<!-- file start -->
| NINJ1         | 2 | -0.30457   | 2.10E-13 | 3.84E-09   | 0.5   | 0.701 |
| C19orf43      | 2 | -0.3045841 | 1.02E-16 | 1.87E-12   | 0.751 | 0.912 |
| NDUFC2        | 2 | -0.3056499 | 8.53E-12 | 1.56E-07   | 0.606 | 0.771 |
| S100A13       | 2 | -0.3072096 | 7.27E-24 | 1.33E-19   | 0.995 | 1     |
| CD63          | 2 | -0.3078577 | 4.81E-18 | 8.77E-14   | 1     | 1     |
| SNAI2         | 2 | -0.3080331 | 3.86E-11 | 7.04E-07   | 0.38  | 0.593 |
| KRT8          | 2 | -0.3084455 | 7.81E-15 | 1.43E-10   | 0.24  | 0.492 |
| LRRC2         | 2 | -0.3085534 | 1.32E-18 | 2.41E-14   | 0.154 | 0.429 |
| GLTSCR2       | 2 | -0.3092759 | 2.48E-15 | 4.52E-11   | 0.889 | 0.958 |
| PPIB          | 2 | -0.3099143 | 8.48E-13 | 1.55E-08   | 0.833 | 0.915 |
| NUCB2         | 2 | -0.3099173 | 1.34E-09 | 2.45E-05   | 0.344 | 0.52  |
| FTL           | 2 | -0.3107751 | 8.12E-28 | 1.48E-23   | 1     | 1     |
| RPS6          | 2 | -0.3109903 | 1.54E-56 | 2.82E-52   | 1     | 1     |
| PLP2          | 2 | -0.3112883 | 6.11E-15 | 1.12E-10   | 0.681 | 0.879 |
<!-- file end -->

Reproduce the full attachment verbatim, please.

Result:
| NINJ1         | 2 | -0.30457   | 2.10E-13 | 3.84E-09   | 0.5   | 0.701 |
| C19orf43      | 2 | -0.3045841 | 1.02E-16 | 1.87E-12   | 0.751 | 0.912 |
| NDUFC2        | 2 | -0.3056499 | 8.53E-12 | 1.56E-07   | 0.606 | 0.771 |
| S100A13       | 2 | -0.3072096 | 7.27E-24 | 1.33E-19   | 0.995 | 1     |
| CD63          | 2 | -0.3078577 | 4.81E-18 | 8.77E-14   | 1     | 1     |
| SNAI2         | 2 | -0.3080331 | 3.86E-11 | 7.04E-07   | 0.38  | 0.593 |
| KRT8          | 2 | -0.3084455 | 7.81E-15 | 1.43E-10   | 0.24  | 0.492 |
| LRRC2         | 2 | -0.3085534 | 1.32E-18 | 2.41E-14   | 0.154 | 0.429 |
| GLTSCR2       | 2 | -0.3092759 | 2.48E-15 | 4.52E-11   | 0.889 | 0.958 |
| PPIB          | 2 | -0.3099143 | 8.48E-13 | 1.55E-08   | 0.833 | 0.915 |
| NUCB2         | 2 | -0.3099173 | 1.34E-09 | 2.45E-05   | 0.344 | 0.52  |
| FTL           | 2 | -0.3107751 | 8.12E-28 | 1.48E-23   | 1     | 1     |
| RPS6          | 2 | -0.3109903 | 1.54E-56 | 2.82E-52   | 1     | 1     |
| PLP2          | 2 | -0.3112883 | 6.11E-15 | 1.12E-10   | 0.681 | 0.879 |